Someone leaning near trees.

How to Make Someone Less Superstitious, According to Psychology

When knocking on wood is driving you crazy.

For a while there, I was a handful to be around. Drop salt on the table, I needed to throw some over my shoulder. Say something ominous, I needed to knock on wood. I never got into the whole step on a crack, break your mother’s back thing, but it was only a matter of time.

I once accidentally shattered a mirror. For the next hour, I panic-searched remedies for ridding any bad luck I had thrust upon myself.

Superstitions can be fun when treated lightly. However, at some point they cross a line. They start to intrude into your life and cause annoyance for yourself and others. But you can rid yourself of your superstitious tendencies once and for all. All you need is a little help understanding your mind.

 

Trying to control the uncontrollable

Several years ago, I spoke to my psychologist about some of the anxieties I was facing. Together we had worked out that I like to have control. Over situations, people, events, etc. It helps me feel secure. I then brought up superstitions. The various ones I adhere to and why.

She suggested that, perhaps, my following a specific ritual to ward off bad luck was nothing more than me trying to control a situation I had no control over.

My eyebrows raised at that one. Not bad, Doc, not bad. She was onto something.

View it from that lens, she instructed me. See it as you simply trying to control a situation much larger than you can grasp. You will realize the rituals you follow aren’t necessary. And in doing so, you will become free from them.

She was right. The spell had been broken. I stopped knocking on wood.

 

Obsessive-compulsive

I recently added a new layer to my understanding of superstition though. It’s come to my attention (thanks to my psychiatrist) that I don’t only have anxiety, but also OCD.

When you think of OCD you likely imagine a few different characters. The perfectionist who must have all of her pencils lined up neatly. The clean-freak who tidies his apartment every morning. Or the party host who insists everyone put their glass down on a coaster.

But in reality, OCD is two things. An obsession (O) that won’t go away. And a compulsion (C) that must be done.

The obsession could be anything. For instance, the perfectionist student may have an incessant thought that her teacher and classmates hate her. That is the obsession. However, by placing all of her pencils in a row, everyone will find her wonderful. That is the compulsion. And yes, I know it doesn’t make much sense. Obsessive thoughts and compulsive actions rarely do.

Unfortunately, the more you ruminate on the obsessions, the more you have. The more you do the compulsions, the more intense they become.

Perhaps my superstitious tendencies went further than simply wanting control.

 

It’s no longer cute

At some point, knocking on wood was no longer optional for me. It was a mandatory behavior. If I didn’t have any wood nearby, I would look around and find some. I would pretend certain objects were composed of wood, even if they weren’t.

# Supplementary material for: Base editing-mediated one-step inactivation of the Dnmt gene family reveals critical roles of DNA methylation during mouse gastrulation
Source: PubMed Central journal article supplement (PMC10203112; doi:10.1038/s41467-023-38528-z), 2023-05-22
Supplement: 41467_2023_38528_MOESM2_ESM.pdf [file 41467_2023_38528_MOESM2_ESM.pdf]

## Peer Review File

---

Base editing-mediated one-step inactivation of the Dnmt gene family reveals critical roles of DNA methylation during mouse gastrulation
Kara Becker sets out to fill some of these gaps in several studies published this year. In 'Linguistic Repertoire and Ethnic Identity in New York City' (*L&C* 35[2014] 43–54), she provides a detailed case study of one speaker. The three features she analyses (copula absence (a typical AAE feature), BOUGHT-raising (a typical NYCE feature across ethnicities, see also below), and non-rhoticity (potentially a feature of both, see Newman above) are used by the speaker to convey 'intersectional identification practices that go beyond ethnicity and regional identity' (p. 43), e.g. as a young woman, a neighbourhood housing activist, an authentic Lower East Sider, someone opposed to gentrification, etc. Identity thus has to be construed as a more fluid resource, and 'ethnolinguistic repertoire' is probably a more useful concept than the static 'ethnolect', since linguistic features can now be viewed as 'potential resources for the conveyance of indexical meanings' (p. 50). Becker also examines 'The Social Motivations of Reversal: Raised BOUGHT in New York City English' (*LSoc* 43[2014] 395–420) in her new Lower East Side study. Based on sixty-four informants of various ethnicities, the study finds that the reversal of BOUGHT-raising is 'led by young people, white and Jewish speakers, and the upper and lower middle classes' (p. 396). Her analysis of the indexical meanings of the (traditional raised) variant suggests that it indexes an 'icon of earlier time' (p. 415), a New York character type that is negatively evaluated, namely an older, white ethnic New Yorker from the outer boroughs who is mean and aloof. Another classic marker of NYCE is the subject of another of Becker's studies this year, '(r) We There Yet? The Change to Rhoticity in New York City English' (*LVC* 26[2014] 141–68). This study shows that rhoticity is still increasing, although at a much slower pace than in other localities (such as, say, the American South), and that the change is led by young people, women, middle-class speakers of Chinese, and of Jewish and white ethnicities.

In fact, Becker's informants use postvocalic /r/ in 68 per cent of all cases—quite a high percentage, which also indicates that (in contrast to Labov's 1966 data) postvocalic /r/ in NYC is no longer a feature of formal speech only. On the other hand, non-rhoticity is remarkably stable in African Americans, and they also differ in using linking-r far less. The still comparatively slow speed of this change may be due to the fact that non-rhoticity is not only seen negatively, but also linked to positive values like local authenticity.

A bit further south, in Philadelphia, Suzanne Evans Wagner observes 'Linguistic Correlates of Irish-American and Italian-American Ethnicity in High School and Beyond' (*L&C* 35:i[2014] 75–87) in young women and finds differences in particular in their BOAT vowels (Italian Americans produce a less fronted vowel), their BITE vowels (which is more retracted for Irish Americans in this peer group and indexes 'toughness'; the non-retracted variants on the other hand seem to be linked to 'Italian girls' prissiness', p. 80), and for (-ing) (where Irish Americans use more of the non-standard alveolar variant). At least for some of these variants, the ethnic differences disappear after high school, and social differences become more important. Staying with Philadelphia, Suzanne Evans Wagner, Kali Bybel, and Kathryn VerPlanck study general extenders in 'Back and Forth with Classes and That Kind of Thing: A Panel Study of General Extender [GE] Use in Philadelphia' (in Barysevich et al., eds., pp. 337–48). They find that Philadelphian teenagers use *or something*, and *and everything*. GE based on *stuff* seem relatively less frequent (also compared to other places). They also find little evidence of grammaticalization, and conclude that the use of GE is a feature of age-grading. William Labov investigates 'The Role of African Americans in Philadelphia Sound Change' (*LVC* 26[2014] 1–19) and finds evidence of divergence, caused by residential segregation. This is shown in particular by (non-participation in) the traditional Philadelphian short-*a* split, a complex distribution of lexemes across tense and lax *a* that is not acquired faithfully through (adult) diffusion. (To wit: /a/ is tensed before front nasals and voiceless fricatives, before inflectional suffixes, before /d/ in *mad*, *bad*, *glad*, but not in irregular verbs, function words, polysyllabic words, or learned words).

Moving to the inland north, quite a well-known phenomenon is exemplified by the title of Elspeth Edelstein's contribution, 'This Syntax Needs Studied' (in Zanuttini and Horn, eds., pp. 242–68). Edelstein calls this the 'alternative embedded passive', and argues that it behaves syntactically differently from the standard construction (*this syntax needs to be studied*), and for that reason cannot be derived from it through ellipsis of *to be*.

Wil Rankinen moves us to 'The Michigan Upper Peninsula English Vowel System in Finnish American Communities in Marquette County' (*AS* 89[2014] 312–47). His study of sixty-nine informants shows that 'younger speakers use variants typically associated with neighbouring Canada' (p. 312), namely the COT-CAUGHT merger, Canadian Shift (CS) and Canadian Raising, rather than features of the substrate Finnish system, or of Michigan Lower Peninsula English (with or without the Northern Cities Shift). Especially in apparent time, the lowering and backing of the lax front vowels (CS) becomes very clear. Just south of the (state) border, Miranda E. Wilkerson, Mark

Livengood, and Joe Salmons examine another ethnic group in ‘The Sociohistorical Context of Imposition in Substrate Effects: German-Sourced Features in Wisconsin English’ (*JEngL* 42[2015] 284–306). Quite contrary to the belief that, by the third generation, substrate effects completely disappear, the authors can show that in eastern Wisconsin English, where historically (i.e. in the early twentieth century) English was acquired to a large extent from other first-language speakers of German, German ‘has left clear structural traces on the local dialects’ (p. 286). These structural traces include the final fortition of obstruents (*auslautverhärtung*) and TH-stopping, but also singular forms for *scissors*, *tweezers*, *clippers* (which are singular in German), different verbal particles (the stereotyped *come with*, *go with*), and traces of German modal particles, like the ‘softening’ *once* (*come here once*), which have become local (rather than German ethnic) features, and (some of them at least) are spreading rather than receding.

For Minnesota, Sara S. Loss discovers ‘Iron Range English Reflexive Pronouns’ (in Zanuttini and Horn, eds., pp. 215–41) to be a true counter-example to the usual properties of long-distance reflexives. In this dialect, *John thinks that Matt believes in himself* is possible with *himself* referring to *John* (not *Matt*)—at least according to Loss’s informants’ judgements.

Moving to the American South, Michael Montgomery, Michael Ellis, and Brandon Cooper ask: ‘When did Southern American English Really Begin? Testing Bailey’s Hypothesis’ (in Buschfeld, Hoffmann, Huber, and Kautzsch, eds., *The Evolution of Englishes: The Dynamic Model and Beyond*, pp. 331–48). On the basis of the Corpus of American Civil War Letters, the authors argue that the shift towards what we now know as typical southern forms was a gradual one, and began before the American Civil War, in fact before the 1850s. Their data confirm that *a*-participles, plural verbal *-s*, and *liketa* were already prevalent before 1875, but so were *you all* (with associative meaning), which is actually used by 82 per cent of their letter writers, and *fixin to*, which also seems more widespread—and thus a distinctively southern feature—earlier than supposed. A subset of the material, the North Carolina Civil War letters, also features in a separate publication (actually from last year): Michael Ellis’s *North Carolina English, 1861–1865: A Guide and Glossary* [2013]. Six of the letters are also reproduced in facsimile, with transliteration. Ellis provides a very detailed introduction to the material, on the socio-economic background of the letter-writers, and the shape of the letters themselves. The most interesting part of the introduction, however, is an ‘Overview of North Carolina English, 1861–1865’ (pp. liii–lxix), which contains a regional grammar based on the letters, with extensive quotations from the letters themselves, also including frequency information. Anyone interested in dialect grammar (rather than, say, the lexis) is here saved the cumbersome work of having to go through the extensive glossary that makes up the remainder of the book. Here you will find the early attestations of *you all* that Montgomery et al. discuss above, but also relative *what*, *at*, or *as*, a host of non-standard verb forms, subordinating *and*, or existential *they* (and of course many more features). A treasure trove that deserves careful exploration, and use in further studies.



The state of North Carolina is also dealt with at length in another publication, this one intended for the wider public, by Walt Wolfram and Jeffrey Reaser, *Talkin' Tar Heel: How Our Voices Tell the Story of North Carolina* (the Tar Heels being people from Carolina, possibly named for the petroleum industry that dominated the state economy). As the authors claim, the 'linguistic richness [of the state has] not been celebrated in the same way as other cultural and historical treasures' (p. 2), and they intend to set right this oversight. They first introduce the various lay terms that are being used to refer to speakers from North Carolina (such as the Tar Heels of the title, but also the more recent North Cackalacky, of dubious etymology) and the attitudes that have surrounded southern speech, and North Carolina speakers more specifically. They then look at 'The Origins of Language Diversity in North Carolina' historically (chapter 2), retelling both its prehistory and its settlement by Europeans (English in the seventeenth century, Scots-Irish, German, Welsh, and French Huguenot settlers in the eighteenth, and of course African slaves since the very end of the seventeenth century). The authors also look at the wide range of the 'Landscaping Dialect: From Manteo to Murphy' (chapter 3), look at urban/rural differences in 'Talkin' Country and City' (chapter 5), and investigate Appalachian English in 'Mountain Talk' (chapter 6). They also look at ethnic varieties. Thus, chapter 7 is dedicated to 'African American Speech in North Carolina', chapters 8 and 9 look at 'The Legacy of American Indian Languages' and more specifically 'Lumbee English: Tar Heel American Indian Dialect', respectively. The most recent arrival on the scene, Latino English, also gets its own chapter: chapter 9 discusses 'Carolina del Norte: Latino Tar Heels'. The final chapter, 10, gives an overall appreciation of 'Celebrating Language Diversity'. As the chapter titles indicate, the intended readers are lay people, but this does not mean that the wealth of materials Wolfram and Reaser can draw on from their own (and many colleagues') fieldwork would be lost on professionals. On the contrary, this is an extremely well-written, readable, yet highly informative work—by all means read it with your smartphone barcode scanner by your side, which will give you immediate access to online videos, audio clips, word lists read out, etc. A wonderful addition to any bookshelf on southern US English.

I would walk into planters so that I could tap on a tree.

My mind was filled with obsessive thoughts – something bad is going to happen. It would then solve it with a compulsion – unless I knock on wood this instant. I knocked on wood a solid handful of times each day. It was getting ridiculous.

The words from my psychologist helped me in the moment. And, I’d say, cured me of the habit. But if I didn’t have her guidance, I’d probably still be knocking away. That said, there are other manners of working through it.

 

A brain misfiring

In Brain Lock by Jeffrey M. Schwartz, four steps are given for overcoming OCD.

First, recognize the thought coming into your mind as an obsession or compulsion. Second, remind yourself that your thought isn’t arising intentionally. Rather, your brain is literally misfiring because you have the disease OCD.

Third, refocus your attention on something productive. If you still feel the need to ruminate on the obsession or compulsion after 15 minutes, indulge in it. But each time you repeat this process, add more and more time to the clock.

Lastly, revalue your thoughts. Start to recognize OCD-related ones even faster and more effectively.

I’ve applied this methodology to my OCD and it’s been incredibly helpful. You may find it helpful for you as well. In dealing with superstitions or any other intrusions.

 

Final thoughts

Superstitions are fun little things. They surely relate back to the days of old wives’ tales. And they likely are based on real situations of the past. But when the rituals of yesterday start to negatively impact you today, something more direct must be done.

If you can’t make a meal because you get caught up in throwing salt over your shoulder, or you call your mom in a panic because you accidentally stepped on a crack, superstitions can easily turn into annoyances and inconveniences for everyone involved.

There are ways to work through it.

If you’re like me, it might just be realizing that you are trying to control something that is uncontrollable. That understanding may make you see the actions for how silly they are. And just like that, the spell may be broken.

For more persistent thoughts, consider the teachings of Brain Lock. OCD may not be something you struggle with, but you can still apply a version of the four steps. See your thoughts as either obsessions or compulsions. Realize that part of your brain is misfiring. That you aren’t those thoughts. Put your attention onto something else for at least 15 minutes. And begin to better spot those thoughts each time around.

Superstitions can be fun… Until they aren’t. Practice the techniques listed above. And forever say goodbye to standing up mid-meal to find some wood to knock on.

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